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2.3: Economic Systems

  • Page ID
    3597
  • What you’ll learn to do: describe and differentiate between major different economic systems

    In this section, you’ll learn about the basic organizing principles of different types of economies. Understanding the characteristics of a competitive market, in particular, is an important foundation for understanding the mechanisms of supply and demand, which you’ll learn about later in this module.

    learning objectives

    • Distinguish between market, planned, and mixed economies

    Economic Systems

    A photo of visitors at Legoland in Billund, Denmark. The Lego city scene in the photo is a Norwegian fishing village.

    Consider how complex a modern economy is. It includes all production of goods and services, all buying and selling, all employment. The economic life of every individual is interrelated, at least to a small extent, with the economic lives of thousands or even millions of other individuals. Who organizes and coordinates this system? Who insures that, for example, the number of televisions a society produces is the same as the amount it needs and wants? Who insures that the right number of employees works in the electronics industry? Who makes sure that televisions are produced in the best way possible? How does it all get done? The answer to these important questions depends on the kind of economic system a society uses.

    On the right : Figure \(\PageIndex{1}\) Legoland, Billund, Denmark: Picture of a Planned Economy?

    In the modern world today, there is a range of economic systems, from market economies to planned (or command) economies.

    Market Economies

    A market is any situation that brings together buyers and sellers of goods or services. Buyers and sellers can be either individuals or businesses. In a market economy, economic decision-making happens through markets. Market economies are based on private enterprise: the means of production (resources and businesses) are owned and operated by private individuals or groups of private individuals. Businesses supply goods and services based on demand. Which goods and services are supplied depends on what products businesses think will bring them the most profit. The more a product is demanded by consumers or other businesses, the higher the price businesses can charge, and so the more of the product will be supplied. Consumer demand depends on peoples’ incomes. A person’s income is based on his or her ownership of resources (especially labor). The more society values the person’s output, the higher the income they will earn (think Lady Gaga or LeBron James).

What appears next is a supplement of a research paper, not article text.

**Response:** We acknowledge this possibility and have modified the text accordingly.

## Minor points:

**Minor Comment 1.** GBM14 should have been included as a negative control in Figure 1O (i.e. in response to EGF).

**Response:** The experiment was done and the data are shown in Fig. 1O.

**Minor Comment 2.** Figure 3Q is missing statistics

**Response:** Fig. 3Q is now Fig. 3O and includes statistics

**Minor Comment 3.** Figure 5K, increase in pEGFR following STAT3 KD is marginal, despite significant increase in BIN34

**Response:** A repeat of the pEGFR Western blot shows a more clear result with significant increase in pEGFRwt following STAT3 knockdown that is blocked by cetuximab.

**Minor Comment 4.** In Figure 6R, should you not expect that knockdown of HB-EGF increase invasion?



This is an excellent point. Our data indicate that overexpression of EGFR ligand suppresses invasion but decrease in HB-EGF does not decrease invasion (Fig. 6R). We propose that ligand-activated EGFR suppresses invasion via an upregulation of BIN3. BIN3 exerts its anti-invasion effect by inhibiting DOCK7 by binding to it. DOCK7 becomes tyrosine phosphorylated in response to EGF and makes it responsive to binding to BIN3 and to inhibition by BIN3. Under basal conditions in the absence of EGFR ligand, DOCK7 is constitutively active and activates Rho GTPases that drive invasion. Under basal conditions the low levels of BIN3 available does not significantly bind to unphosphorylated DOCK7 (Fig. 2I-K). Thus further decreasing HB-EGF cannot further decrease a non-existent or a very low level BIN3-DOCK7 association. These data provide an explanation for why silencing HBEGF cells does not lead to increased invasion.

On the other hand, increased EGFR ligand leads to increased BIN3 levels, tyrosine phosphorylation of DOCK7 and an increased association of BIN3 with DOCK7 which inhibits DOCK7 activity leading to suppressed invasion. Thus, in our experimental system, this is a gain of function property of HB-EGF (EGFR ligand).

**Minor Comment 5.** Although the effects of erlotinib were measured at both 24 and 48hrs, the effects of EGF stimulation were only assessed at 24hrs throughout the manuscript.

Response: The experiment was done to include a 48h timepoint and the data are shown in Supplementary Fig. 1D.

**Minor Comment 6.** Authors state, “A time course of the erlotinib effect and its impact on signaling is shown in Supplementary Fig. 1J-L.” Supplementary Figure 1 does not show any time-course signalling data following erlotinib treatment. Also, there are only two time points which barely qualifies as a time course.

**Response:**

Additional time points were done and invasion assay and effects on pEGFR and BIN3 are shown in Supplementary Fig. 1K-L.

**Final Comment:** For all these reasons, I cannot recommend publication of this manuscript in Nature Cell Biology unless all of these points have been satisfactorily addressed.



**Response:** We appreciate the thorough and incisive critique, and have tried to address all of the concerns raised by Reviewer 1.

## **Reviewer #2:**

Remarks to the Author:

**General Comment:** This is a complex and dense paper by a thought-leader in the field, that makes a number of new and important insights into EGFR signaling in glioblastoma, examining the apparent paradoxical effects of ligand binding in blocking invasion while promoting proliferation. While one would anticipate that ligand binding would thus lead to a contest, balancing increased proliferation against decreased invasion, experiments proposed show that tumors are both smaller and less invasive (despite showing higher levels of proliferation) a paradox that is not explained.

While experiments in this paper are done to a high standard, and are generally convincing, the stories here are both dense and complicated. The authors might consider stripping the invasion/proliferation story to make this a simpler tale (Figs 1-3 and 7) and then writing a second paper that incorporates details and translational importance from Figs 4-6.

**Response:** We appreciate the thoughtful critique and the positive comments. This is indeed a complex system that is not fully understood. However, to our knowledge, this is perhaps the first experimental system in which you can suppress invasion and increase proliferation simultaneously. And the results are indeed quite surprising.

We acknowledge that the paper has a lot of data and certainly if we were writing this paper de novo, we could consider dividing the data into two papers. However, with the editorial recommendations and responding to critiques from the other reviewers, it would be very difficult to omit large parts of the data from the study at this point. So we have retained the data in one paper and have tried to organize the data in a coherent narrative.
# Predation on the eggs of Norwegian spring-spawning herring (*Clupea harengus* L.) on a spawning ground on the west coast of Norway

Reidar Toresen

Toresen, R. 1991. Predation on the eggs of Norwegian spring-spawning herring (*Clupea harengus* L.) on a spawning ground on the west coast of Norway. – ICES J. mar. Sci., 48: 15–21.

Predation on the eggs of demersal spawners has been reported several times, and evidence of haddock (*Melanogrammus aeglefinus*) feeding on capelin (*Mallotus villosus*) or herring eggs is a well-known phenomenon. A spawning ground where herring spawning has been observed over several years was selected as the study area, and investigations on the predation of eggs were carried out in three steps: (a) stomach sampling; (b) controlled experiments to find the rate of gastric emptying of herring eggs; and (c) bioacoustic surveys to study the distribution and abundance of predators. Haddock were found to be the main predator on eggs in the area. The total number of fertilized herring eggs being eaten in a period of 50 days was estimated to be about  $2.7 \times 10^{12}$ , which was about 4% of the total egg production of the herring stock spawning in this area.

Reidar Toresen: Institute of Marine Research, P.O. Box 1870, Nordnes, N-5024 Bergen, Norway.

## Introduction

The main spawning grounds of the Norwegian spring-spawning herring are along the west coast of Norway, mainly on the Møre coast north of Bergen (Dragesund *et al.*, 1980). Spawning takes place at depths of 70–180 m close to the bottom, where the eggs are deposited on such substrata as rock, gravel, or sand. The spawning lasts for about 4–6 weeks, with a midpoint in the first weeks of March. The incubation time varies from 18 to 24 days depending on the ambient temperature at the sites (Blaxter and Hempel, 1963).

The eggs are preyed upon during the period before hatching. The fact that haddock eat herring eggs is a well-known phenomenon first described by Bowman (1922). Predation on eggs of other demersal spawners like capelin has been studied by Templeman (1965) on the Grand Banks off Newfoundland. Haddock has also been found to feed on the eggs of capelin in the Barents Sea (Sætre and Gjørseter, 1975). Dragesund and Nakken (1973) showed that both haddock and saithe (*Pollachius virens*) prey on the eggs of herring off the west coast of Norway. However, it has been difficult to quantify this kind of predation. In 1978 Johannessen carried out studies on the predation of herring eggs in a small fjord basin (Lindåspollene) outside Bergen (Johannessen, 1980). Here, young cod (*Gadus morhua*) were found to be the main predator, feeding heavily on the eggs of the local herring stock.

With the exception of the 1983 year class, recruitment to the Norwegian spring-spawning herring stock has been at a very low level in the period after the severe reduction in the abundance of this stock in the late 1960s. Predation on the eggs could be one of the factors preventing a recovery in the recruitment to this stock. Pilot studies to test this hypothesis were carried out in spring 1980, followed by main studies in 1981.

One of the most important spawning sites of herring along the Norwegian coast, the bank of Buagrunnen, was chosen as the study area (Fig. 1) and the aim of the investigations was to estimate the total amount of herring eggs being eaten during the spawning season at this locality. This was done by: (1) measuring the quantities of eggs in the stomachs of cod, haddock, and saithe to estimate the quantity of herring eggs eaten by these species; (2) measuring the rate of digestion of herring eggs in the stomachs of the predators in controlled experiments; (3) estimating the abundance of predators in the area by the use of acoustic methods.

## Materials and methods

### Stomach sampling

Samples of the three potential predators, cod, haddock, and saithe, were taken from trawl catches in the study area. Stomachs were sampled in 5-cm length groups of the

Examples of free-market economies include Hong Kong, Singapore, and to a large extent, New Zealand, and the United States.

    Free Markets

    In a market economy, decisions about what products are available and at what prices are determined through the interaction of supply and demand. A competitive market is one in which there is a large number of buyers and sellers, so that no one can control the market price. A free market is one in which the government does not intervene in any way. A free and competitive market economy is the ideal type of market economy, because what is supplied is exactly what consumers demand.

    Price controls are an example of a market that is not free. When government intervenes, the market outcomes will be different from those that would occur in a free and competitive market model. When markets are less than perfectly competitive (e.g., monopolistic), the market outcomes will also differ.

    practice question \(\PageIndex{1}\)

    Which of the following is a defining feature of free markets?

    1. There is a large number of buyers and sellers.
    2. The government does not interfere in any way with the economic decisions of buyers and sellers